Most of the major networks have now announced their 4G pricing models. They vary a little but, with one notable exception, there is a premium for the new technology as well as limits.
Data is the new king. No longer do we want more and more texts bundled in or vast amounts of minutes. Many of us simply don’t use our phones for phoning people. What we really want is data and lots of it.
I don’t regard myself as a really heavy user but a quick glance at the stats on my phone reveal that whilst I have used less than 300 minutes in the last month I have used nearly 8GB data (wi-fi and mobile combined). Regular readers will know that our editor Dan Carter can use that in a day!
The mobile world is all about apps and an ever increasing number of apps are making use of the cloud, storing files remotely, device synchronisation and streaming media.
This additional cloud usage of course leads to a major dependency on one thing – a data connection.
Be it 4G, HSDPA+, HSDPA, or 3G a connection is required. Google maps, Drive, email, YouTube, streaming radio, news apps and so on and so on, the list of apps that require some sort of omnipresent connection is endless.
I live in a large and growing town. We have excellent 4G, HSDPA+ and 3G connections on all of the major networks where they support it. Sure there are some glitches with indoor connections being weaker on some networks or tiny little blackspots but overall coverage is very very good as it is in most population centres.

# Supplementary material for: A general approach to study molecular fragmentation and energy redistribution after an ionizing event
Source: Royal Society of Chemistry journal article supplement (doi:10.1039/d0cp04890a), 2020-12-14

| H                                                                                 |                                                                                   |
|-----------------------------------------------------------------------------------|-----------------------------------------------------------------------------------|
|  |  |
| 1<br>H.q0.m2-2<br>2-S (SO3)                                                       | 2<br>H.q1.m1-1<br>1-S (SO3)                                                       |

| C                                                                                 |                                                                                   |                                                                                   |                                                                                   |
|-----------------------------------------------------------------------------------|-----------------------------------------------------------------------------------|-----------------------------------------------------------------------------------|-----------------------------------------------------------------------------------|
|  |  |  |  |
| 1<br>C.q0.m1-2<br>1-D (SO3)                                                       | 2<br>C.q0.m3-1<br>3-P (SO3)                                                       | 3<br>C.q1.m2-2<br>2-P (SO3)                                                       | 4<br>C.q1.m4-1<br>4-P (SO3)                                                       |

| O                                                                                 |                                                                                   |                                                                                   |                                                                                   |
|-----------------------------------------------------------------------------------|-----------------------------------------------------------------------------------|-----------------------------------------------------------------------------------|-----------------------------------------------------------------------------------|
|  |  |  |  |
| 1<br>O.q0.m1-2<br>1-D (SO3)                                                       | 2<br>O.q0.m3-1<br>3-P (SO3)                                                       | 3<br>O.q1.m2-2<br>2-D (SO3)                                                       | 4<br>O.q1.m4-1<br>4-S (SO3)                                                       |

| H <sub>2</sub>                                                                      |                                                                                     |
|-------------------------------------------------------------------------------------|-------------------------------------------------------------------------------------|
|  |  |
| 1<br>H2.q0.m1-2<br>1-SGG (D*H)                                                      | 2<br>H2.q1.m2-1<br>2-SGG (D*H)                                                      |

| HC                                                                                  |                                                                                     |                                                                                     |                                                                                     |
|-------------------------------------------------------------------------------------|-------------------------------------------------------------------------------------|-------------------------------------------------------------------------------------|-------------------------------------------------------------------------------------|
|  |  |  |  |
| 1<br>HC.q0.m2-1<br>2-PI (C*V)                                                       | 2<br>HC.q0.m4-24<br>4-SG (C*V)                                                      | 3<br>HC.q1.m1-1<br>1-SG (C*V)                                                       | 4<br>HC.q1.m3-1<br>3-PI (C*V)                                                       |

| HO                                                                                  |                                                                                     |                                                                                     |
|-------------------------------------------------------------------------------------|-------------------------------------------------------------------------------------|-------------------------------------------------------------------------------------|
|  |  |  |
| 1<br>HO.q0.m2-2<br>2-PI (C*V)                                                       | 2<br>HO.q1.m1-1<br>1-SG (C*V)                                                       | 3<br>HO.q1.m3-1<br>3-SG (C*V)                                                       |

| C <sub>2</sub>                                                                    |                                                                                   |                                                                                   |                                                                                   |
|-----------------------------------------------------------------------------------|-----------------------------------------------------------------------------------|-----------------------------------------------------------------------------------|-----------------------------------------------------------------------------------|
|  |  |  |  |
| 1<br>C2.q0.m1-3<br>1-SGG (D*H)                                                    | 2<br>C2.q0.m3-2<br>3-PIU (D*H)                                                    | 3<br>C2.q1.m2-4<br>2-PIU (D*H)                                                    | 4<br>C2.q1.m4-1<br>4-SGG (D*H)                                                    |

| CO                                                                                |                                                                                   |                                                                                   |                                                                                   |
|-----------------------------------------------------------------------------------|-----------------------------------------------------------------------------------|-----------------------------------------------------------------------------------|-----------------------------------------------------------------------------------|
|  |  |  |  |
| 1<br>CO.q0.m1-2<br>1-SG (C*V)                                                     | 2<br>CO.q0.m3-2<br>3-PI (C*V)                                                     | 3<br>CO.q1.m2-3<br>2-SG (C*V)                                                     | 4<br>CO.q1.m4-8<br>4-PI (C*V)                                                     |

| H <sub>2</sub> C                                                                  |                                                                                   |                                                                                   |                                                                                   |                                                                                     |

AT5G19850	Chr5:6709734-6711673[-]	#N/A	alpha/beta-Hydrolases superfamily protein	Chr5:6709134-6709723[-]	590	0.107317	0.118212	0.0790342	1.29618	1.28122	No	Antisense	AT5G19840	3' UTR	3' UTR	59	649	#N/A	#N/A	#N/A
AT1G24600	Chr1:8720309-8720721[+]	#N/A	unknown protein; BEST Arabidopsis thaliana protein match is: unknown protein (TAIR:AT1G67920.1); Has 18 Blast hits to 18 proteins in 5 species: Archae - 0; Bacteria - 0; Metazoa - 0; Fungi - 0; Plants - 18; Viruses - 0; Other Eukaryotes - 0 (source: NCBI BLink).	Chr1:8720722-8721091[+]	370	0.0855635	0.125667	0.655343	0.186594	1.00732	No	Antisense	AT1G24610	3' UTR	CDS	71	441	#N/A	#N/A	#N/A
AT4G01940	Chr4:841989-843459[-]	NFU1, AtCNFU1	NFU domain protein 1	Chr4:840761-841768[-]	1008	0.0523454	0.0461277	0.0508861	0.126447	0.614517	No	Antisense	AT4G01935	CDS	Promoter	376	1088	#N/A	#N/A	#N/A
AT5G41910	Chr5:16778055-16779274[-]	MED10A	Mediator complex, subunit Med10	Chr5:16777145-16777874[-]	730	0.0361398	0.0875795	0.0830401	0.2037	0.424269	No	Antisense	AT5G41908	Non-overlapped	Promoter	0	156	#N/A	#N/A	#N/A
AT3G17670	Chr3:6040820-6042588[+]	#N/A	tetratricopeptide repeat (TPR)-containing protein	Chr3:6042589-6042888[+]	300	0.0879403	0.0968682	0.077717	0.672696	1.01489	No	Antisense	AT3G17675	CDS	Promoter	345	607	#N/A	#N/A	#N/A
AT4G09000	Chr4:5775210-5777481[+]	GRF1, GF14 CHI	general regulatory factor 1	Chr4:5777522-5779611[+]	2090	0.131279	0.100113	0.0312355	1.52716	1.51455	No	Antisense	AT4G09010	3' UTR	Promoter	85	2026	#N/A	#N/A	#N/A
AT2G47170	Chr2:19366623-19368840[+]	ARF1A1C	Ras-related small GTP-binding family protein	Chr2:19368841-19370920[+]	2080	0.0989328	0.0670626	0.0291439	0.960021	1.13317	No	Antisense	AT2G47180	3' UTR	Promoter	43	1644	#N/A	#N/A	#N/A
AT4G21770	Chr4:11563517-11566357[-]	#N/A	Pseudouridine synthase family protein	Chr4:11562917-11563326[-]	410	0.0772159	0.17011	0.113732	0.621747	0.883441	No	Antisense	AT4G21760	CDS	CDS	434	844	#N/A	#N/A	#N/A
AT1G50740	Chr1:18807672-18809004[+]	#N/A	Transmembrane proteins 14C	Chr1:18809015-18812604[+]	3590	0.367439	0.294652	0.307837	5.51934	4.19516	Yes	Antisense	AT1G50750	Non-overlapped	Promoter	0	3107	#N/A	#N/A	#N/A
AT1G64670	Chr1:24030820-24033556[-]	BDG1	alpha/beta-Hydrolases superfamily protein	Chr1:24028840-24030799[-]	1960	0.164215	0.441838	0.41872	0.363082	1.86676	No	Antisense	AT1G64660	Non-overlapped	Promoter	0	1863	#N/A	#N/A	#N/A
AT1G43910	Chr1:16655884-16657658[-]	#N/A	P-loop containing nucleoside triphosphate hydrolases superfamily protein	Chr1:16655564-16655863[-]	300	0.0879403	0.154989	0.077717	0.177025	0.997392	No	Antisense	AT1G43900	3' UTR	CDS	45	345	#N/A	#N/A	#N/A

Travel some 30 minutes outside of this however and the picture becomes different.
Last week I was in Scotland, my second visit in a matter of weeks. Scotland really is a beautiful part of the UK that has one major issue. Mobile network coverage.
I wasn’t in one of the major cities or even a big town but I wasn’t exactly in the middle of nowhere either.
I was only around 15 miles from a relatively large city and could only get a 2G signal.
In one respect this was great. On holiday with little to no access to the internet, email or any other distraction and with views to die for, what could be better? All well and good but try and fire up Google Maps with a 2G connection and see how far you get.
This issue was a recurring theme for our entire holiday unless we visited a large town where a 3G connection came alive – briefly.
Now the networks in this country are not new. They have had plenty of time to develop their infrastructure and charge us handsomely for using the pleasure of using them. So why can a decent internet connection be maintained outside of a big town or city?
The operators claims vary from 97% of the UK covered to 99% of the UK poulation covered however a quick check of the coverage maps show some rather large white areas.
Not really much good for a Google maps connection, a backup to iCloud or BBC iPlayer or in fact any of those services that depend on a data connection.
My experience has led me to question if I really want superfast, ultrafast, 4G or any other ridiculously quick connection or just a working one?
The answer is simple. I want my expensive handset and the facilities that I pay for to work wherever I am in the country. Whether I am 2500 ft above sea level or in the middle of London, I want to be able to open a document in Google drive, backup whatever photo I have just taken or share my experience with the world.
EE, BT, O2, Vodafone, Three and anyone else who may join in, please stop boasting that you have the fastest, biggest or whatever else and concentrate on bringing EVERYONE full coverage, no matter where they are.
It is what we pay for after all.